“We cannot exist alone.” Israel’s national security axiom was acknowledged by President Shimon Peres during an address in November. “For our existence we need the friendship of the United States of America,” he stressed, adding: “It doesn't sound easy, but this is the truth.” It’s not easy for a client-state to admit that its own survival depends on a global patron. It’s even more challenging for leaders of a dependent state to recognize that the great power they are relying on is entering into an imperial twilight time. Inertia and wishful thinking explains why elites the empire’s capital and the provinces continue to share in the misconception about the hegemon’s ability to exert global influence
But after a prolonged “recognition lag” it’s becoming clear that the U.S.is facing the prospects of geostrategic decline. The military is overstretched in two unwinnable wars and a decaying economic base is making it difficult to sustain expansive global commitments. The Unipolar Moment is coming to an end and rising global powers are helping generate a multipolar system.
It seems, however, that Israeli leaders continue to operate under the illusion that the U.S. remains the paramount power. Israeli ultra-nationalists delude themselves that the muddled U.S. policy the Middle East and the its tensions with Israel are temporary, and that when the Republicans return to the White House the hegemon will rise again and together with its Israeli deputy will bring order to the Middle East.
Members of the peace camp, regarding the support of a global patron not as a substitute for integrating Israel in the Middle East – but as an element in a strategy to achieve peace, believe that the role of Washington remains central to a resolution of the Palestinian-Israeli conflict.
During the Cold War and in the brief Unipolar Moment Washington was in a position to work with Israeli and Arab moderates in promoting peace. But that window of opportunity for this U.S. role may be closing.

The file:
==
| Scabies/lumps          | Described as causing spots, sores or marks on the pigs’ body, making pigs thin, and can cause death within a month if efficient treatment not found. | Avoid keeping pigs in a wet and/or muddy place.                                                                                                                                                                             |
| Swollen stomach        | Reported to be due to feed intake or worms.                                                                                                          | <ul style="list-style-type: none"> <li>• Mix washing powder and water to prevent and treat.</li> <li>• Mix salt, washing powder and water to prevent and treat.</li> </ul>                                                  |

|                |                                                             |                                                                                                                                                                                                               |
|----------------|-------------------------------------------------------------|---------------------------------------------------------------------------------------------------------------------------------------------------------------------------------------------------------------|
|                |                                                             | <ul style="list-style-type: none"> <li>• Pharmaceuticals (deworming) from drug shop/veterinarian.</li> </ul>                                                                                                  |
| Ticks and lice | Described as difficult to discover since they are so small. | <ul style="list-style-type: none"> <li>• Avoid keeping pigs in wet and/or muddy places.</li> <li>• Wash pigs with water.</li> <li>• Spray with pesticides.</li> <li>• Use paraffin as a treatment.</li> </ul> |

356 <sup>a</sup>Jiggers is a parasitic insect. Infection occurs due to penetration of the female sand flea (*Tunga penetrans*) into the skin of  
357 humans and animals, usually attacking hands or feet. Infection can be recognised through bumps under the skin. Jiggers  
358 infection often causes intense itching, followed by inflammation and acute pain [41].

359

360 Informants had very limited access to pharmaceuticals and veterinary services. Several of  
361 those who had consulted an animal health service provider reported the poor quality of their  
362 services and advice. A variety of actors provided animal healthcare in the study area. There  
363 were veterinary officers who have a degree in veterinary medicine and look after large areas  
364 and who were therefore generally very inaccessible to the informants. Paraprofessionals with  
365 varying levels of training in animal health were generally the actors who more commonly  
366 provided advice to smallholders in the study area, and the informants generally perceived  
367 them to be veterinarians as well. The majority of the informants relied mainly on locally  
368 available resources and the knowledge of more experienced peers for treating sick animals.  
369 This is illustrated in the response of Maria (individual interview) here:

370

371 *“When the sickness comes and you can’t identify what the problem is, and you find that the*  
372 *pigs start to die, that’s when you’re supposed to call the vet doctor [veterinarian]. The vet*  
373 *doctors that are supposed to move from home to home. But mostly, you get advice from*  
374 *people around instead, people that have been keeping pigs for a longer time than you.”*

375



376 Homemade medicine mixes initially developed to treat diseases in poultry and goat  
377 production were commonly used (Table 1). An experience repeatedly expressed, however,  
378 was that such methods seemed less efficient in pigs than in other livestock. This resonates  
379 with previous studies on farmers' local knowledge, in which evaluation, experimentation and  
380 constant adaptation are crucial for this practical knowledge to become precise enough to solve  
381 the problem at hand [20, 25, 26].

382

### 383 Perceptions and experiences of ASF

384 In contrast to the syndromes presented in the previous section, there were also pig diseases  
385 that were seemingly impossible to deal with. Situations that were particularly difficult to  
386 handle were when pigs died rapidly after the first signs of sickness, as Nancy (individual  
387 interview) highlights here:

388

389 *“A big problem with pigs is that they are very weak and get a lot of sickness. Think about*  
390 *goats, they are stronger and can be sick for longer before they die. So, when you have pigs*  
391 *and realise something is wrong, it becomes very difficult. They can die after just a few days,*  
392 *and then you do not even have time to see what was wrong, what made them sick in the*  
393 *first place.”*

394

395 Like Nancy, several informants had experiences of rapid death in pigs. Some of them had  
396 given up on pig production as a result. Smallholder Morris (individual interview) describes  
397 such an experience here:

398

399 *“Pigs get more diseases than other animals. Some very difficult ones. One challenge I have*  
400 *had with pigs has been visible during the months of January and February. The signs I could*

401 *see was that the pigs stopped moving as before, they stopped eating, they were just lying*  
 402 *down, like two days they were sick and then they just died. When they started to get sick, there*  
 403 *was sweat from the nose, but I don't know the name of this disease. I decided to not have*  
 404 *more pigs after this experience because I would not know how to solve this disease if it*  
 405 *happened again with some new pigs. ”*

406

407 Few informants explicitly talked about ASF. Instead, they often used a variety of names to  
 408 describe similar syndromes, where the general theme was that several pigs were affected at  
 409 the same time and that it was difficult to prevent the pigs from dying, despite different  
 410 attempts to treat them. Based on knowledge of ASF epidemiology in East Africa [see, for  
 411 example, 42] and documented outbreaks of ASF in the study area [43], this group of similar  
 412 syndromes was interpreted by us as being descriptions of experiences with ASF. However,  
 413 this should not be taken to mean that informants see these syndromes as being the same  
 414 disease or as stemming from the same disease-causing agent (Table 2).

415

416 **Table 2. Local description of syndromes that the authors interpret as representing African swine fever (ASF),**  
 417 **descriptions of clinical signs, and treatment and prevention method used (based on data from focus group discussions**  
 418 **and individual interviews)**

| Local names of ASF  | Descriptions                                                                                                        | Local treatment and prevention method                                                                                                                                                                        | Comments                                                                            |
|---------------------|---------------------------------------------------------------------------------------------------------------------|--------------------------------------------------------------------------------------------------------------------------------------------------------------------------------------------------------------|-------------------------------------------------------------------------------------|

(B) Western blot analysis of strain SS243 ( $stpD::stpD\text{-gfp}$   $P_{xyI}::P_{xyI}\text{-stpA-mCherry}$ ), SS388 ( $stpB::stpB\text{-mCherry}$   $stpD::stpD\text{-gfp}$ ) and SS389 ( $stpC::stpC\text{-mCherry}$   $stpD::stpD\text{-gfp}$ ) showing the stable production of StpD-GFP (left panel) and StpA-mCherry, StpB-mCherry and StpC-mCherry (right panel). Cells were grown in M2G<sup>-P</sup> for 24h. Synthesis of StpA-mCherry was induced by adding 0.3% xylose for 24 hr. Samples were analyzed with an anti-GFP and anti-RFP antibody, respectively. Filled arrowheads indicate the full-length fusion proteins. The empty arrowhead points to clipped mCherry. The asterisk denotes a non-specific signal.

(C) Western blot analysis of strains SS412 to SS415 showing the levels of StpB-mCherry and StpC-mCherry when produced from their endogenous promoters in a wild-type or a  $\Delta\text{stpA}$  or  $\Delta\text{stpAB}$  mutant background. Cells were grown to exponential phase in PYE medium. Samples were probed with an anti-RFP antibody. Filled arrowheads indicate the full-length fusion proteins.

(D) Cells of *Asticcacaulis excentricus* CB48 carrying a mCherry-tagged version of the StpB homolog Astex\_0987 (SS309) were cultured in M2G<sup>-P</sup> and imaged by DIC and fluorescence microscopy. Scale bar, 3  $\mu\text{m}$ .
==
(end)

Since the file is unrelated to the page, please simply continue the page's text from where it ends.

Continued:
Washington’s current difficulties in bringing peace to the Holy Land and disabling Iran’s nuclear capability reflect structural problems that are eroding American power. And hey are not going to be resolved anytime soon under either Democratic or Republican presidents.
While the U.S. will not collapse with a bang a la the Soviet Union, it will cease being Number One. Traditional allies of the U.S. like Turkey, Japan and Brazil, are recognizing that and are hedging their strategic bets, maintaining close ties with Washington while trying to form alliances with like-minded regional and global powers.
There is no reason why Israel should not pursue such a “hedging” strategy as it recognizes that U.S. military forces are going to disengage from the Middle East in the future and that the U.S.-Israeli alliance is bound to weaken.
Israeli rightists fantasize that Muslim terrorism would ignite a Clash of Civilizations and Israel would serve as America’s strategic outpost in the Middle East, forever depending on U.S. support for its survival. Foreign Minister Avigdor Lieberman has “threatened” Washington that unless it supports his radical Zionist agenda, Israel would ally itself with another global player.
But why would the European Union (EU), Russia, China, India or Turkey be interested in hooking up with a state that brings into the marriage a dowry in the form of the animosity of the entire Arab and Muslim worlds? Israel’s promise as a strategic ally lies in playing a constructive role in sustaining a stable and prosperous region.
No one is suggesting that Israel sue for an instant divorce from Washington and jump into bed with China. But in this period of eroding American unipolarism and budding multipolarity, Israel should start reassessing it options – very much the way its leaders had done in the past.
Chaim Weizmann anticipated the collapse of the Ottoman Empire and made a diplomatic bet on Britain -- a policy that resulted in the Balfour Declaration. Thirty years later, Ben-Gurion recognized that the British Empire was crumbling and took advantage of the evolving Cold War to win support from the Soviet Union and the U.S. for the new Jewish State. In fact, Stalin’s Soviet Union was the even more enthusiastic than the U.S. in supporting the establishment of Israel in 1948.
Israel cannot exist alone. But as an adherent of Realpolitik like Peres recalls from his own experience, interests do change. He was, after all, the architect of the Israeli alliance the French who helped develop its nuclear arsenal. Indeed, Israel’s survival depends on recognizing that international friendships come and go. It doesn't sound easy, but this is the truth.
Leon Hadar is a research fellow at the Cato Institute, a Washington-based think tank.